כְּכֹל, אֲשֶׁר אֲנִי מַרְאֶה אוֹתְךָ, אֵת תַּבְנִית הַמִּשְׁכָּן

וְאֵת תַּבְנִית כָּל-כֵּלָיו; וְכֵן, תַּעֲשׂוּ.

A simple reading would take this verse to mean that although God was going to verbally describe the details of the construction of the Tabernacle, He was, like any good architect, also going to provide a hard-copy pattern or blueprint. But the Rabbis… showing their Neo-Platonist colors.. took this pattern as a reference to God showing Moses the Ideal form of a transcendent Tabernacle. As Harry Austryn Wolfson writes in his seminal work on the Jewish philosopher Philo:

“According to this Jewish tradition there had been in existence an ideal tabernacle or, as it is usually called, sanctuary, prior to the building of the visible tabernacle in the wilderness; and it was that ideal tabernacle which God showed to Moses as a pattern for the visible tabernacle.” [i]

Wolfson suggests that “For the Hellenistic Jews it was quite natural to blend such beliefs in the preëxistence of things with the Platonic theory of Ideas.”

The Tabernacle and it’s vessels were not the only things that the Rabbis, under the influence of neoplatonism, suggested existed or preëxisted in other worlds.  According to this line of thought, the Torah itself preëxisted before the world (and before its revelation at Sinai).[ii]  Similarly, the absurd belief that the Patriarchs observed the Torah was introduced.  The ahistorical notion that  laws such as not eating leavened bread during Passover could exist before the Exodus had even occurred is a heresy.  [iii]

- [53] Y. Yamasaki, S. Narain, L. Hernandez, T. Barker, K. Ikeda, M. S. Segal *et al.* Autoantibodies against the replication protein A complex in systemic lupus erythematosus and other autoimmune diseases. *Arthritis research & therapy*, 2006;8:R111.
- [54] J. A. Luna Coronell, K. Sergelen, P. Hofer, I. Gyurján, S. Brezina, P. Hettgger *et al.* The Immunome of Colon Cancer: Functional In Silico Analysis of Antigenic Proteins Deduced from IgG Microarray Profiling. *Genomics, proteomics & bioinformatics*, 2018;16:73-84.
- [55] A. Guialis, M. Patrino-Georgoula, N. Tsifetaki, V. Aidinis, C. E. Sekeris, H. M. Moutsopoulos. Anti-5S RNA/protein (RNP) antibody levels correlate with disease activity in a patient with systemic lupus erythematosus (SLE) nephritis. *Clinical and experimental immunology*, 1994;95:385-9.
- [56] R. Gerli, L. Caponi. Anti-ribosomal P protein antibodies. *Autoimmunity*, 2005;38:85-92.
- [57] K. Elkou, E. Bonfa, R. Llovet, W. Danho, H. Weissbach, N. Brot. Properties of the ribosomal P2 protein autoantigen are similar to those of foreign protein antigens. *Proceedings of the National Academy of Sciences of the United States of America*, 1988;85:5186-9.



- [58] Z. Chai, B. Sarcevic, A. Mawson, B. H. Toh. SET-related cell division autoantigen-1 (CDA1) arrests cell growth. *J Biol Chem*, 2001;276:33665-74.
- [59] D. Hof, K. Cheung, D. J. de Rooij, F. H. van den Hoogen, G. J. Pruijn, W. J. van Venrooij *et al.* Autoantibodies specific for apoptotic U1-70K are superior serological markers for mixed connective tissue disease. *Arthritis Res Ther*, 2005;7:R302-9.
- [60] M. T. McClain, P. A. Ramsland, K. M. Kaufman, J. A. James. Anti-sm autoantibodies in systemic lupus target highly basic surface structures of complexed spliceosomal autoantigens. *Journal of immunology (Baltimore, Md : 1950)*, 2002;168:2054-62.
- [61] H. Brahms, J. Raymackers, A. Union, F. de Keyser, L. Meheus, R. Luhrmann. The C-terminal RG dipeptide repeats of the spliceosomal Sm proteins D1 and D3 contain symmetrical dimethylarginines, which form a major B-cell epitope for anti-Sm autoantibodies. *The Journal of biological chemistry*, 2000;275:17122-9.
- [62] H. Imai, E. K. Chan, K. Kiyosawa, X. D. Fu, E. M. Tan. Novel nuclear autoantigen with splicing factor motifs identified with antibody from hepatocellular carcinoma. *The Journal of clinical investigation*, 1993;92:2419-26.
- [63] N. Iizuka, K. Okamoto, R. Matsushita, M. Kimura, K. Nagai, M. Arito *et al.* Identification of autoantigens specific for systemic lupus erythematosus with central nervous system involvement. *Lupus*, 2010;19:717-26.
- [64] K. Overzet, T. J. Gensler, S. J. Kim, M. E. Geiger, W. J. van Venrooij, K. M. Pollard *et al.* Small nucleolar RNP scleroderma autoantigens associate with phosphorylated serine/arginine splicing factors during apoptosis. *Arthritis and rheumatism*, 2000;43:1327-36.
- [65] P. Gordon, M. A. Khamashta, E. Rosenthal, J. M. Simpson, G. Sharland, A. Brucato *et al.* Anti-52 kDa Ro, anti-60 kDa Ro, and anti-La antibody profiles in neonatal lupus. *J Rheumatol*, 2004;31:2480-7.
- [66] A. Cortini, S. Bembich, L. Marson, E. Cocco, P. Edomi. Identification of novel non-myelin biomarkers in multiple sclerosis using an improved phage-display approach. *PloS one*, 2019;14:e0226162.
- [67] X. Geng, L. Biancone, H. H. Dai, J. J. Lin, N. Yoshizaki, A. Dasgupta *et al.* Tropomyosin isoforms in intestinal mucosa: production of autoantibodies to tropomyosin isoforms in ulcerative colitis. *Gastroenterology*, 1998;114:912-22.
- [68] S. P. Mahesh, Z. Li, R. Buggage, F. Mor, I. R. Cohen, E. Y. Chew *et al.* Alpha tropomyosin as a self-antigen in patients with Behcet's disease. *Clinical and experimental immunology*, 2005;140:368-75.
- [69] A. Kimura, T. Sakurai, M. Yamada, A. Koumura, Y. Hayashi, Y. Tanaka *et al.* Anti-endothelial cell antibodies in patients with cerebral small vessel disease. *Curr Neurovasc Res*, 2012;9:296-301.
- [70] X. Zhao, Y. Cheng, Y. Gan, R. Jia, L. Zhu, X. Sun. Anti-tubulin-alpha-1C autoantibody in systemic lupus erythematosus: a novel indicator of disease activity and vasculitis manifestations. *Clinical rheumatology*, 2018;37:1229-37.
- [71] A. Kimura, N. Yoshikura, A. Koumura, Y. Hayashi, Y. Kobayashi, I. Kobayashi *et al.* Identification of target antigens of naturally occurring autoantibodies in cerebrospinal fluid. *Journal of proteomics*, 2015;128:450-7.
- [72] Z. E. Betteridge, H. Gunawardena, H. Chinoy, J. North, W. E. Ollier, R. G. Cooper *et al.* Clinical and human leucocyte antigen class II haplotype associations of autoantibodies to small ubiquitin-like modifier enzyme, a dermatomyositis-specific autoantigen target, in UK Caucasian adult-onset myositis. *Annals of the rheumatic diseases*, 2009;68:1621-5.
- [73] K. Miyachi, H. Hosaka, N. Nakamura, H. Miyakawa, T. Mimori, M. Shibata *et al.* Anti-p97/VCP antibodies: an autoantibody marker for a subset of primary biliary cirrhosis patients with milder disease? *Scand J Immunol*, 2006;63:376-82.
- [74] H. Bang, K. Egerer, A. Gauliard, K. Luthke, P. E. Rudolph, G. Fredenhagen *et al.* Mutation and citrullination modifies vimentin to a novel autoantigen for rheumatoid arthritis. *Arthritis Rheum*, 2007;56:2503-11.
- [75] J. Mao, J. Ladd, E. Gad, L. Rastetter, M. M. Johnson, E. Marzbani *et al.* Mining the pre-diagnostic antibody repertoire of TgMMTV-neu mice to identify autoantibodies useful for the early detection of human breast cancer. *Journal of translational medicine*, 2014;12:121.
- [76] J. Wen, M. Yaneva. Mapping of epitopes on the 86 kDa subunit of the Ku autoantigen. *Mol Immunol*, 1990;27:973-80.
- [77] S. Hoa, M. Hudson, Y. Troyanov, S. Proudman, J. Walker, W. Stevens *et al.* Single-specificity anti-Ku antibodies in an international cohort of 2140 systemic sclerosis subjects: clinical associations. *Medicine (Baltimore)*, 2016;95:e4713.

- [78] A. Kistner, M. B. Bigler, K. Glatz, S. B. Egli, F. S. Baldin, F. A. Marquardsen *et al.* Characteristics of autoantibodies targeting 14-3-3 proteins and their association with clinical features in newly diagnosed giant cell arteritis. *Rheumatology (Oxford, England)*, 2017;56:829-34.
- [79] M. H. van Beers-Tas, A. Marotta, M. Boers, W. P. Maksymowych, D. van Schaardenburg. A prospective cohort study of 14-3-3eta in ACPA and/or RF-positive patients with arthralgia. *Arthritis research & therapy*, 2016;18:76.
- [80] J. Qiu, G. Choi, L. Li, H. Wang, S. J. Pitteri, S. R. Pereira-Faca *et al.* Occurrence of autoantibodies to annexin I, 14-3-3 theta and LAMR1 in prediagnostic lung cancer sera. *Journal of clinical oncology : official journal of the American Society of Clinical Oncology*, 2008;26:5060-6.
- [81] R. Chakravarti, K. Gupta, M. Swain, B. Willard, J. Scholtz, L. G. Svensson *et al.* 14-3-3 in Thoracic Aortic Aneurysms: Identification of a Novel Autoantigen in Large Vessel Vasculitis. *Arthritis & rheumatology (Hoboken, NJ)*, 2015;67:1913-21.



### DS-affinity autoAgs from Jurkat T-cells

It is important to point out the introduction of these eternal worlds and preëxistent  truths because they dilute that which is so radically revolutionary about Judaism… Creation and the Giving of the Law.[iv]

Creation… especially creation from nothing (ex nihlo – Yeysh meAyin) means that there is NOTHING inevitable about our world. Our world and our lives truly do and did not have to be. Our world is radically contingent… Creation (Briot haOlam) means that the world as we know it is unthinkably different from the philosopher’s notion of the Divine.

The Philosopher’s God is eternal and perfect; our world is material, finite, imperfect, made up of disconnected moments and in flux.  All creatures, including man, are similarly radically contingent.. Man is ultimately made of dirt and is given a name; Adam, to prove it.